Shakespeare's Sonnet 73
by E.K., Palo Alto

Cultures all over the world memorialize death in different manners, from the celebratory style of Mexico's Dia de Los Muertos to the solemn ceremony of the United States. Typically, cultures memorialize the death after the person in question passes away, only mentioning it in events such as funerals. Sometimes, however, people seek to accept death as an inevitable consequence before the event itself. This approach is the one taken by Shakespeare in his sonnet 73, in which the poet describes death coming even before the old man in question breathes his last. Shakespeare uses the imagery of a tree in autumn, a day before night, and a fire burning away to describe that death slowly takes away the vitality that man once had.

Shakespeare uses the image of a tree in autumn to represent the image of a man who now teeters on the edge of death but once radiated joy and excitement. When Shakespeare invoke the the imagery of a few "yellow leaves" hanging upon "boughs" on a tree, he attempts to symbolize someone losing the last years of his life as they fall away just like the leaves do from a tree. Next, the branches that "shake" against the cold" represent death, the cold shaking an old and fragile man who knows he will fall eventually. Lastly, the "bare ruin'd" choirs" highlight the weakened state of an elderly man who is a shell of the exuberant person he once was. The three images all come together to create a central theme of death in Shakespeare’s depiction of autumn. At the same time, these images allude to the glory days of the man in question. The mention of "ruin'd choirs" suggests that before everything fell apart, the man’s life resembled a church in its grandeur and celebration. With regards to "where the sweet birds sang," the image reflects a man who once filled the air with as much joy and brightness as the songs of birds do. At the same time, the image of a tree in autumn alludes to the eventual regrowth of the leaves in several months, suggesting that death precedes a rebirth.

In the second quatrain, Shakespeare invokes the image of a day fading away to illustrate a man who is slowly dying in the twilight of his life. When Shakespeare describes the "twilight of such day," he describes the waning stages of the speaker's life. Twilight, the transition from the dimmed evening to the darkened night, is the final part of the day before the world falls asleep. This image illustrates the speaker living through the final years before his death, knowing the prime of his life is over. Next, the "sunset fadeth in the west" signals the disappearance of any last traces of beauty in the man's life. Sunset, a natural phenomenon when the sun emits vibrant colors, is a spectacle of beauty. However, the sunset and beauty, just like that of the man's life, has faded away. The "black night that doth take away" is the death that will "take away" the narrator's life, as a parallel to the taking away of day. Shakespeare continues by describing night as "death's second self'; just as night takes away the brightness of day, death takes away the brightness of life. finally, the night that "seals up all" reflects the death, which effectually closes away someone's life. In comparison the the 1st quatrain, where Shakespeare hints at better days to come, the second quatrain has tone of finality.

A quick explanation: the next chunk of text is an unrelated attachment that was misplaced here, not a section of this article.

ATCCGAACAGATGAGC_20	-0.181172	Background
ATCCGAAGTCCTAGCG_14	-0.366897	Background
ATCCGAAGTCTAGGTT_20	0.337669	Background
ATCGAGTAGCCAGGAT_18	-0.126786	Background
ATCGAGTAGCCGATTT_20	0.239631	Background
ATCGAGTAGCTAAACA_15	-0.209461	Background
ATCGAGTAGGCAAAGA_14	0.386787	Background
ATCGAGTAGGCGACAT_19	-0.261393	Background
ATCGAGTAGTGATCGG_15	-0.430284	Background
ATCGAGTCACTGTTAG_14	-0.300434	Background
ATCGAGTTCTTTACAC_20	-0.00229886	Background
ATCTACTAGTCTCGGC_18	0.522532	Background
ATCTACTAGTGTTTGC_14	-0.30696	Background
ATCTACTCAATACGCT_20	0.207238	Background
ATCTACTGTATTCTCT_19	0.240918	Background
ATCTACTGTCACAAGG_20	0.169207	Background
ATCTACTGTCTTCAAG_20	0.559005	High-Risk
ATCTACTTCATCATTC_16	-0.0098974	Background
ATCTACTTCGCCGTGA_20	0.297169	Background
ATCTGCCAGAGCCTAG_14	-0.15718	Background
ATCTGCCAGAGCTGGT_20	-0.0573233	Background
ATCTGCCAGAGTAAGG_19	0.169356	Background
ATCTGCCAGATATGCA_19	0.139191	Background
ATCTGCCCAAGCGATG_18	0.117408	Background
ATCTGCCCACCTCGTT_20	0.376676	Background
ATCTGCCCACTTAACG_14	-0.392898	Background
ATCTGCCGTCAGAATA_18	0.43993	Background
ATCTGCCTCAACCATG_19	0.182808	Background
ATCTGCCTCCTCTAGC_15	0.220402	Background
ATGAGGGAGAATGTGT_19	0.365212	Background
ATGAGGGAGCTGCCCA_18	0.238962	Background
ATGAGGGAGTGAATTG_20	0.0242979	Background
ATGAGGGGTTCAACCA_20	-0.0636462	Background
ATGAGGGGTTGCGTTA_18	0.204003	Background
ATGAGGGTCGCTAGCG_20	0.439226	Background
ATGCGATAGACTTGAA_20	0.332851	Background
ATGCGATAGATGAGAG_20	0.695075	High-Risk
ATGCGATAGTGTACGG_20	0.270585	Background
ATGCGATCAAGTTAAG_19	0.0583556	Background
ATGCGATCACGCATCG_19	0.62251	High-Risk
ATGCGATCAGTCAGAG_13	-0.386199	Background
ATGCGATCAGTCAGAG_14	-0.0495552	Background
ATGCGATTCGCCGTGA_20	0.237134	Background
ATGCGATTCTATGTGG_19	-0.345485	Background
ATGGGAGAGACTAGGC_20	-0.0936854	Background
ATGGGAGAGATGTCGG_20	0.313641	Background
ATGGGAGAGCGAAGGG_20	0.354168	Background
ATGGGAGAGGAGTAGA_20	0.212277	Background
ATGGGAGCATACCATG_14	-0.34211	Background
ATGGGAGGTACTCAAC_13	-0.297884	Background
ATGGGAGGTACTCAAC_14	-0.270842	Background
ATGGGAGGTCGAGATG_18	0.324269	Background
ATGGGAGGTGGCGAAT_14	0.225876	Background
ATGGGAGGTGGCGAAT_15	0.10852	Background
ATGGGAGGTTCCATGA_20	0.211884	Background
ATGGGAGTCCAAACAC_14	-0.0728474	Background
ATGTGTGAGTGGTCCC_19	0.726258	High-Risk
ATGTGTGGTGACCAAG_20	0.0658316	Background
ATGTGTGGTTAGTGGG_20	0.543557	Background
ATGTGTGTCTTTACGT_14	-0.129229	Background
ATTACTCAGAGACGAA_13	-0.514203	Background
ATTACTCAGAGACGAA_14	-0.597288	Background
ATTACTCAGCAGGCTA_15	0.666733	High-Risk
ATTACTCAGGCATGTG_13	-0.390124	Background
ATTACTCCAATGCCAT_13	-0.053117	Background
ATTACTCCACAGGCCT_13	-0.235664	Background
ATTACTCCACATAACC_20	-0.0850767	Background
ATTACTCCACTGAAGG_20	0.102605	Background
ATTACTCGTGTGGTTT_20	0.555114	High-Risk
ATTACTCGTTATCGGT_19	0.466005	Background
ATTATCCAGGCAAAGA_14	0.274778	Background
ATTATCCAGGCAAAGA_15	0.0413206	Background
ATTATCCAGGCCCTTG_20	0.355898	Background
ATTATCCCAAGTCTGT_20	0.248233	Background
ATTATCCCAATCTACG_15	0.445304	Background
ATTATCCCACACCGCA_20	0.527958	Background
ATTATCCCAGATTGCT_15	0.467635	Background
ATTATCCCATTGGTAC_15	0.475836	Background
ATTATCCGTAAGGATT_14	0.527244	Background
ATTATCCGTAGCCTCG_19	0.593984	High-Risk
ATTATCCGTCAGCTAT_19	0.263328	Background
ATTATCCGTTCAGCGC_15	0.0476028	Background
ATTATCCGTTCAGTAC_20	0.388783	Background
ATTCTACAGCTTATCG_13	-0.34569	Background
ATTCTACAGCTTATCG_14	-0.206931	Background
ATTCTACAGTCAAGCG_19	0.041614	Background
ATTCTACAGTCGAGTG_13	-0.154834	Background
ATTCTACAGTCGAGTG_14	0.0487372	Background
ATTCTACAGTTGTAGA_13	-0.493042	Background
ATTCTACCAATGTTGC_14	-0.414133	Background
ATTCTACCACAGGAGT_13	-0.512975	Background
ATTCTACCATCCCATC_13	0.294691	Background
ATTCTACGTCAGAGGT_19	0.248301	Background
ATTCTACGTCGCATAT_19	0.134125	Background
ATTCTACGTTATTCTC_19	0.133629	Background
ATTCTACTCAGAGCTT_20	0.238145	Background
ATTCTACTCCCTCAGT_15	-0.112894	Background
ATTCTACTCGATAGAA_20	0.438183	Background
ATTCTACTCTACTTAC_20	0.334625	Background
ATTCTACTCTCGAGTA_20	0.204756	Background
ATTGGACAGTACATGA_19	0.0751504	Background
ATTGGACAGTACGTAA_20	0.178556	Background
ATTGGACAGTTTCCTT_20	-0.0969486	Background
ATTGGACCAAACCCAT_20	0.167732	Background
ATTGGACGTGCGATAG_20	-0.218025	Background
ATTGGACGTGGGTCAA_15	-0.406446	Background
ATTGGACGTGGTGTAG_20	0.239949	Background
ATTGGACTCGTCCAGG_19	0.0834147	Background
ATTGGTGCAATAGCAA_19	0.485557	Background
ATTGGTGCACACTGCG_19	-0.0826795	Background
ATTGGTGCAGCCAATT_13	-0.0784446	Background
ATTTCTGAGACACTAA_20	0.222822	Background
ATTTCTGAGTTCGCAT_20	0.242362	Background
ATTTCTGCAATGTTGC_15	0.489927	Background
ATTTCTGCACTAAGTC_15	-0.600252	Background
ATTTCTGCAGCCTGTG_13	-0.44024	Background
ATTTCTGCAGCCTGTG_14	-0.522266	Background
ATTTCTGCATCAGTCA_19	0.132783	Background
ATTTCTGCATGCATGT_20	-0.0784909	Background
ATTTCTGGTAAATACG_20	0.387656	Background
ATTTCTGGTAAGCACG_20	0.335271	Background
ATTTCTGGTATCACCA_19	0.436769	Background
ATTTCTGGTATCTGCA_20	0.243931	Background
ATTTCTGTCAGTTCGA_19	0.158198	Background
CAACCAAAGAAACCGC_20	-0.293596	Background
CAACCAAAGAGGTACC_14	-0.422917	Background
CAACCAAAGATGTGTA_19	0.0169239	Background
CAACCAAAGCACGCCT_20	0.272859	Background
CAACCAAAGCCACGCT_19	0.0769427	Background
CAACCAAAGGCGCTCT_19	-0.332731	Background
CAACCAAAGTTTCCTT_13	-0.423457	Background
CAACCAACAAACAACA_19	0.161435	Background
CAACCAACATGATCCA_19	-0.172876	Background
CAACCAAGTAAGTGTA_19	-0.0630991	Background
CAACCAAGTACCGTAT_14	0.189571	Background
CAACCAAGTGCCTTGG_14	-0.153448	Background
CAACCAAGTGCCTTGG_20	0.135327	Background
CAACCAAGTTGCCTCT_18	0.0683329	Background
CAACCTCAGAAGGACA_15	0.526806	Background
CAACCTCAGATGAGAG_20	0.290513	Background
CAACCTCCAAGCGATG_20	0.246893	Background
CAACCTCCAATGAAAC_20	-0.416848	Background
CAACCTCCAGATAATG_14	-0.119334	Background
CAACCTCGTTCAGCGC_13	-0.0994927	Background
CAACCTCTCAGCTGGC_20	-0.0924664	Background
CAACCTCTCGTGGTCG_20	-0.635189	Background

In the third quatrain of his sonnet 73, Shakespeare shows a picture of fading fire to reflect the man's life fading away. The "glowing of such fire" contrasts with a normal crackling and bright fire, hinting that the once-powerful flame now consists of glowing embers. Like the embers of the fire, the speaker now lives a life far removed from the radiant years of his younger self. The "ashes of his youth" the fire shows gives the image of the fire lying upon the ashes from which it once burned fiercely, providing heat and light. Similarly to the fire amongst its ashes, the man now lives with the memories of the adventures he went through in years past. The memories of a life where the man gave the world brightness still linger on. When Shakespeare finally concludes the thought of the fire with "consumed by that which it was once nourished by," he means the man and fire now die because of what they once used. The fire was nourished by wood, giving it the flames it once had. However, the same wood took the fire away later by turning into ash. In the same sense, the man edges closer to death as he lives more. Although the speaker once brimmed full of life, as time went on, the life in him edged him closer and closer to death. The final description of fire shows that even a once-fiery life loses its brightness forever.

In Sonnet 73, Shakespeare describes death coming even before an old man breathes his last. He uses the imagery of a tree in autumn, a day before night, and a fire burning away to depict how death slowly takes away the vitality that man once had. The first two images, of a tree in autumn and a day drawing to a close, are part of cycles: the tree can sprout new leaves, and night can turn back to day. In using these images, Shakespeare suggests that death isn't a permanent state because it ultimately leads to a kind of renewal or rebirth, perhaps through children or the survival of a work of art. However, the next image, that of a fire burning away, gives a sense of finality because the ashes will never create another fire. Using the fire, he offers a new perspective by suggesting death doesn't lead to rebirth; rather, it is the ultimate stage of life. Nevertheless, with the last couplet, Shakespeare hints that love actually strengthens with the realization that death is the last part of life. Amid the endless void of darkness that death appears to bring, love is a shining light that gives it meaning.

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